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My baby won't eat jarred baby food.
Q: My 7½-month-old son doesn't like to eat baby food. He will eat crackers and cookies that I buy in the baby section at the store, but will not eat the jarred food. I have been giving him carrots and potatoes that I've cooked with our family meals; is this okay? Should I be concerned and take him to see the doctor. He is gaining weight (20 lbs.) and drinks about 40 oz. of formula a day.
A: Allie, babies have their preferences for the tastes and textures of foods, just as adults do. Your baby seems to prefer the taste and texture of your home-cooked food, which might be a sign of good taste! There’s no harm in continuing to try giving your son the jarred foods once in a while, since he might change his mind. But you don’t need to force him to eat jarred baby food as long as he’ll eat the table food you prepare for him.

Jarred baby foods are merely a convenience; they’re no more nutritious than table foods. It involves a little extra work now to puree your own baby food by hand or with a food mill or electric blender. But there are advantages to giving your baby table food instead of jarred baby food: you can ensure that the food he eats is fresh and nutritious with no added salt, sugar or preservatives; your son gets used to your food from the start and doesn’t have to make any transitions from the jarred food to your table food; and you save money from not having to buy jarred food.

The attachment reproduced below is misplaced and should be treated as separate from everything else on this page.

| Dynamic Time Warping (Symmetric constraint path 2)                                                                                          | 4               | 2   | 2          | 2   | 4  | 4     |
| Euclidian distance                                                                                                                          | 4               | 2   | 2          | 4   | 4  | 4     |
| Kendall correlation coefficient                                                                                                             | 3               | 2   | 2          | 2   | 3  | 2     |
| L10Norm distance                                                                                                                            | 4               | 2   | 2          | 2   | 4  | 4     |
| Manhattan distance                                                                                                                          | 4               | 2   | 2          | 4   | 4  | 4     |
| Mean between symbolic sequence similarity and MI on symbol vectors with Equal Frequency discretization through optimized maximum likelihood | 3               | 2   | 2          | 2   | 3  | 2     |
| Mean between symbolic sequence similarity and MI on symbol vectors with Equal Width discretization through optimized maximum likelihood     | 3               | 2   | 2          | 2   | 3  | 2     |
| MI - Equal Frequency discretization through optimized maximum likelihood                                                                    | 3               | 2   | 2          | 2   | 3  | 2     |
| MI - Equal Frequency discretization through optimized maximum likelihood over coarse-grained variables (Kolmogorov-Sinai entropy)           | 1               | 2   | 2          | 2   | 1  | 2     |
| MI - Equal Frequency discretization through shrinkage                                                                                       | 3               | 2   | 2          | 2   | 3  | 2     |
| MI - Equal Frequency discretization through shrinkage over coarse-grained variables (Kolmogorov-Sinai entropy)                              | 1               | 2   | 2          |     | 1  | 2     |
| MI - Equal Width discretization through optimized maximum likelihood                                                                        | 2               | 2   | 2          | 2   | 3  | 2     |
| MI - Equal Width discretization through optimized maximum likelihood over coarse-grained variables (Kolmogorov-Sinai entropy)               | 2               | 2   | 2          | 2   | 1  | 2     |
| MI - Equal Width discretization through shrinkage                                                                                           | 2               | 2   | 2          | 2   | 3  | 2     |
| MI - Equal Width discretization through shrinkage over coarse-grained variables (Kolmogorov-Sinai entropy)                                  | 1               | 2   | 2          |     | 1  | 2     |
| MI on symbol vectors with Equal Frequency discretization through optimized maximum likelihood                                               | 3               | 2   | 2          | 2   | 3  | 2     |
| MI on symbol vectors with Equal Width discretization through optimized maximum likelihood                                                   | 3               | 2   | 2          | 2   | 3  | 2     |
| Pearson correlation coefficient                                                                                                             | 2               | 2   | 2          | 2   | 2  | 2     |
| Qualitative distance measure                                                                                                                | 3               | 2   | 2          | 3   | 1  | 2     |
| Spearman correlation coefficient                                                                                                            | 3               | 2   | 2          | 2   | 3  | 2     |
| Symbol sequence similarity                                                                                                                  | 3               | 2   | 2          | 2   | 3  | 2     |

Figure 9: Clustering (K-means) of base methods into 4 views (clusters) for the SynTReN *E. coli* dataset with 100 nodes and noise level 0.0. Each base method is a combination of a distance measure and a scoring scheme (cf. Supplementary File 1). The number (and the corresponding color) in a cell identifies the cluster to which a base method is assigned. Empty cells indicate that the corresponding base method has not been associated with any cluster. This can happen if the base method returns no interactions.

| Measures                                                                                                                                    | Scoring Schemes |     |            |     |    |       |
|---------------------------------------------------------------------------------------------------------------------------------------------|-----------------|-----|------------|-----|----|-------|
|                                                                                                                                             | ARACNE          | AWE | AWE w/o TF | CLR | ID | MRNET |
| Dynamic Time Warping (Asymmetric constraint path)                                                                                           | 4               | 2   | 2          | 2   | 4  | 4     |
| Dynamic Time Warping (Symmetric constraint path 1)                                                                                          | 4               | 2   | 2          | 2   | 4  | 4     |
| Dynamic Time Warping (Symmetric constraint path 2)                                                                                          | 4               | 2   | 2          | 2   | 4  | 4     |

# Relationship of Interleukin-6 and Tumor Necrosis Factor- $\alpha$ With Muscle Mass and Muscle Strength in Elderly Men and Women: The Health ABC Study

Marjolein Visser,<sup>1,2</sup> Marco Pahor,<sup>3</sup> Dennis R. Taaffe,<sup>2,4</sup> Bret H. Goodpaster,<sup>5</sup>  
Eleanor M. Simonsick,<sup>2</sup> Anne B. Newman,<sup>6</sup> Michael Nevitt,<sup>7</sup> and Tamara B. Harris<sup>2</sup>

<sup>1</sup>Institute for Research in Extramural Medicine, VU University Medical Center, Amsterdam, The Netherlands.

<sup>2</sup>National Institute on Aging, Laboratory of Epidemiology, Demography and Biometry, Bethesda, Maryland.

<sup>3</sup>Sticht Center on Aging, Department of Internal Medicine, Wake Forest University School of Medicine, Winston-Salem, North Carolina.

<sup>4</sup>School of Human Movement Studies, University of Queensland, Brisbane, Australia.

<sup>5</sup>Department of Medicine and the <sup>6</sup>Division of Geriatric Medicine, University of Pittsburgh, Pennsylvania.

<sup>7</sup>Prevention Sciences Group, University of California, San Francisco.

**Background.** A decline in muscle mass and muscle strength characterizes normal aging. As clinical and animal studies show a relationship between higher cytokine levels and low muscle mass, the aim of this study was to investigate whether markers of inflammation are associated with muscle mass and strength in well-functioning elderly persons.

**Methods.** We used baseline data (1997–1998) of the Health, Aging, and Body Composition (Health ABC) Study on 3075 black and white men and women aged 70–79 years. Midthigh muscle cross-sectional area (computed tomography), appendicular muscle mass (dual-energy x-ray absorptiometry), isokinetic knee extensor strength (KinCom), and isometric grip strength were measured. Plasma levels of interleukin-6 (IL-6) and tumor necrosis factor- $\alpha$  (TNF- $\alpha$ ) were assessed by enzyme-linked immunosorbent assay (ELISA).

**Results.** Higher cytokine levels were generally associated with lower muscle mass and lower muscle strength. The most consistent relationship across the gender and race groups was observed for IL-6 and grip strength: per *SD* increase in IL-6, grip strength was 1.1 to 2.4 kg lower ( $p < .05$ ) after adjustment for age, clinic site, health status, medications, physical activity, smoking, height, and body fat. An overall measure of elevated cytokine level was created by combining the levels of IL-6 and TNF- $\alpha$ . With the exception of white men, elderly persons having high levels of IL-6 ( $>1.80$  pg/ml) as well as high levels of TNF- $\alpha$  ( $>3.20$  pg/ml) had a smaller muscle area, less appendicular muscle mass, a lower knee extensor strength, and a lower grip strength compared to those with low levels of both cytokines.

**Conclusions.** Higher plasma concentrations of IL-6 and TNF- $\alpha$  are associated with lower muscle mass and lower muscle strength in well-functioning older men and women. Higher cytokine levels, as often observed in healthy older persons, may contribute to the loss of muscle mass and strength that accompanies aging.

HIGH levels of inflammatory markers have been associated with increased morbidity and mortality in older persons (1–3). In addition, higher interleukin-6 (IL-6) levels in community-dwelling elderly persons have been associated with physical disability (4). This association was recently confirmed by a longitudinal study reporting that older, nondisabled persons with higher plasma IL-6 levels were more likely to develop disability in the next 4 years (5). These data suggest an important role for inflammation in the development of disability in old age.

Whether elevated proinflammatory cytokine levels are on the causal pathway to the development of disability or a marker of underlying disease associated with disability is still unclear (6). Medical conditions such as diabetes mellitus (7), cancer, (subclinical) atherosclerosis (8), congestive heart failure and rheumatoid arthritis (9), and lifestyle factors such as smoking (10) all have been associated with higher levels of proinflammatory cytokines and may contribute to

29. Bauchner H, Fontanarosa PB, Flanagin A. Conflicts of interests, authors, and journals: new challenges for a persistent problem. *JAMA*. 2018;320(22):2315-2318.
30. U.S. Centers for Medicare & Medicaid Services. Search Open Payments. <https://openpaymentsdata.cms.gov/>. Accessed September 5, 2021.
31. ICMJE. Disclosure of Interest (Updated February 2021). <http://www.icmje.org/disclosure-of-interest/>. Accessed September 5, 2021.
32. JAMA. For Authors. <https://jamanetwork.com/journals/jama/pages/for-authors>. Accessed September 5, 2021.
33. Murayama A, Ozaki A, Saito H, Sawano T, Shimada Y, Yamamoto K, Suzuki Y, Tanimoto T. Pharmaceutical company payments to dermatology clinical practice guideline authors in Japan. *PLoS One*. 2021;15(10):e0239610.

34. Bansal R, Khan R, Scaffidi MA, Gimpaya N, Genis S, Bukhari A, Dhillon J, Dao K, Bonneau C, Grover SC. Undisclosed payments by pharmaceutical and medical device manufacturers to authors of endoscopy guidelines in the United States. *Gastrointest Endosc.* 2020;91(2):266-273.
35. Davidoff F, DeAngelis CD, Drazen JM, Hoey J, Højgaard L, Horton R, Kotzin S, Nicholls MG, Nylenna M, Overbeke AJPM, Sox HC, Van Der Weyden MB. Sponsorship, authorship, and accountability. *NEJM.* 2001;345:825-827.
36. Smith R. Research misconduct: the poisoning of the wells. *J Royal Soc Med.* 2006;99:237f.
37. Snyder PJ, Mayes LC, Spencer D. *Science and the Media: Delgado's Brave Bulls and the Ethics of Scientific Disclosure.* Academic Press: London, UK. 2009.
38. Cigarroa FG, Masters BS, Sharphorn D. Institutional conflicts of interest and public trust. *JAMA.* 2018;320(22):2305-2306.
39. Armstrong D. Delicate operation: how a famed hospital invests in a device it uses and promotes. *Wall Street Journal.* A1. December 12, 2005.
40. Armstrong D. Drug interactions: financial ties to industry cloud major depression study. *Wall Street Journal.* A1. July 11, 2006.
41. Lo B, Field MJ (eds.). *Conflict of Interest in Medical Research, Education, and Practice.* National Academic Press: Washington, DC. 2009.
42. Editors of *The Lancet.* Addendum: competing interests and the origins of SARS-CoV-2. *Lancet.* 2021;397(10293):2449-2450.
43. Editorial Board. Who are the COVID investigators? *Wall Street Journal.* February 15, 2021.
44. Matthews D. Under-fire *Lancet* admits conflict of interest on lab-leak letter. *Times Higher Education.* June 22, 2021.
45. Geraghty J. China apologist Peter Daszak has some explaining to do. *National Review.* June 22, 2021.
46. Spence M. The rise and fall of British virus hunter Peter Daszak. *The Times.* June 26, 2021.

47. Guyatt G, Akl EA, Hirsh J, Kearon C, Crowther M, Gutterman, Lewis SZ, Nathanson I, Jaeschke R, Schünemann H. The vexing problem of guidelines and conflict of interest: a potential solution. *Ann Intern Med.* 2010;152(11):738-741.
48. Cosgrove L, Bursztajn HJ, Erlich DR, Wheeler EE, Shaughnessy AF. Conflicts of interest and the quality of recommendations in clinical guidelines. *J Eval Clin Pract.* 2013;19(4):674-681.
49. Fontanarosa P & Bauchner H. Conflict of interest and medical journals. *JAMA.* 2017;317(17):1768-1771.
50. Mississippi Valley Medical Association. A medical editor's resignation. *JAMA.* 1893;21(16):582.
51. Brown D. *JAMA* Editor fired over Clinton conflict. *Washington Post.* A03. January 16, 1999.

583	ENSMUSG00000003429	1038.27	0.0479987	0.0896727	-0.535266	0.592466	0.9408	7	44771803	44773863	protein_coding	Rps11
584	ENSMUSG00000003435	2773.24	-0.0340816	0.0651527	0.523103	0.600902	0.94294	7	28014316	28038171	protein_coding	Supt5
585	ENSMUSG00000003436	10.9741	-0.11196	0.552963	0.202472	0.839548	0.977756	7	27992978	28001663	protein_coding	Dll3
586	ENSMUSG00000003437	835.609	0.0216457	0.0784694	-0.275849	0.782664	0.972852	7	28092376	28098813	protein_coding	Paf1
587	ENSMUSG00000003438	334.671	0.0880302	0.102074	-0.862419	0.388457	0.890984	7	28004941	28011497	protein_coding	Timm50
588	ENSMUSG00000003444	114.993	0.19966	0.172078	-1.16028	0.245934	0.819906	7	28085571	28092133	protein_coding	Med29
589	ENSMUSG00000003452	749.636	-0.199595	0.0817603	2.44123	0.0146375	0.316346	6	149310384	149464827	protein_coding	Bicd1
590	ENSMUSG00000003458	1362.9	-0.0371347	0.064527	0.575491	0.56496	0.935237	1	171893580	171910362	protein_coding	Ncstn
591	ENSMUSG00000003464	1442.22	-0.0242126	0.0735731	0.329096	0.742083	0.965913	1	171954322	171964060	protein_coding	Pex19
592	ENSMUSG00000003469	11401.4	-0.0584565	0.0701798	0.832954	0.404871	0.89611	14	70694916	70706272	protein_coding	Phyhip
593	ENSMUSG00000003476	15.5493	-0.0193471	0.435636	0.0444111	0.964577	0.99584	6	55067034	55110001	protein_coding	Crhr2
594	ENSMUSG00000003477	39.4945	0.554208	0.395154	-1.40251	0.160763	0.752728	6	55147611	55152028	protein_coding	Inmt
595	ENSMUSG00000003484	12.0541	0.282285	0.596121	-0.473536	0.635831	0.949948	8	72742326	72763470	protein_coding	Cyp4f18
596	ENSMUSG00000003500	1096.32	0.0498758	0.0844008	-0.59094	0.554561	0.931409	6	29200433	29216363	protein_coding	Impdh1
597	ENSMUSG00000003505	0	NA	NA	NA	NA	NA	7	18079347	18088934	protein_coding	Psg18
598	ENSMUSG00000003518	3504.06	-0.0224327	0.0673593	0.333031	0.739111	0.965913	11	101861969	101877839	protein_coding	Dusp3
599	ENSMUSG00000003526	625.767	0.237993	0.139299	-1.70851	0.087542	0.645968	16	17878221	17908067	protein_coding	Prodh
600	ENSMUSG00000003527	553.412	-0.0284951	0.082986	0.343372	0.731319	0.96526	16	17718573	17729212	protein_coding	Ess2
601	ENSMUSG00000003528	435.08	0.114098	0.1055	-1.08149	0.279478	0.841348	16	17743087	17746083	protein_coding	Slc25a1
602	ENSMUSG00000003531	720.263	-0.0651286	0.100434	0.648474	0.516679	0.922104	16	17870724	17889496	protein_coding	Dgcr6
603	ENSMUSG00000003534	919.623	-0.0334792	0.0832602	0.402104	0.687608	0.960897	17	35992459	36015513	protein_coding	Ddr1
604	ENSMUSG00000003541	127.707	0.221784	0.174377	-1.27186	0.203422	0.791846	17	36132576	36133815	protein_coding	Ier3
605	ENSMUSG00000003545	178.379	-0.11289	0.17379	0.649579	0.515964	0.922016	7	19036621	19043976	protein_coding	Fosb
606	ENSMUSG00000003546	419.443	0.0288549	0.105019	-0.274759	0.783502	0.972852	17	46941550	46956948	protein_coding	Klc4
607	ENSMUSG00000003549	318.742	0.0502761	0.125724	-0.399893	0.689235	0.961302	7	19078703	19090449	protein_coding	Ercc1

In addition to crackers and cooked carrots and potatoes, give your son baby cereal and a wide variety of pureed fruits, vegetables and meats. Try each new food for a few days at a time to make sure your baby isn’t allergic to it. Try sweet potatoes, squash, peas, beans, bananas, pears, peaches, plums, applesauce, pureed chicken and beef, and yogurt. Soon your son will be able to eat table food with more texture, such as scrambled egg yolks (wait until after 12 months to give egg whites since they can cause allergies), well-cooked pasta, mushy rice, tofu, cooked beans, and small chunks of cheese and meat.

Over the next six months, your son should be eating more and more solid food, and drinking less milk. Aim for no more than 24-32 oz. of milk a day. If he continues to drink 40 oz. of milk a day, he’ll get filled up on milk and not have an appetite for solid foods. Try feeding your son the solid foods first, when he’s most hungry, and then give him his milk afterwards. You can also start teaching him to drink his milk from a cup so he’ll be good at drinking from the cup by 12-18 months of age and be better able to give up the bottle.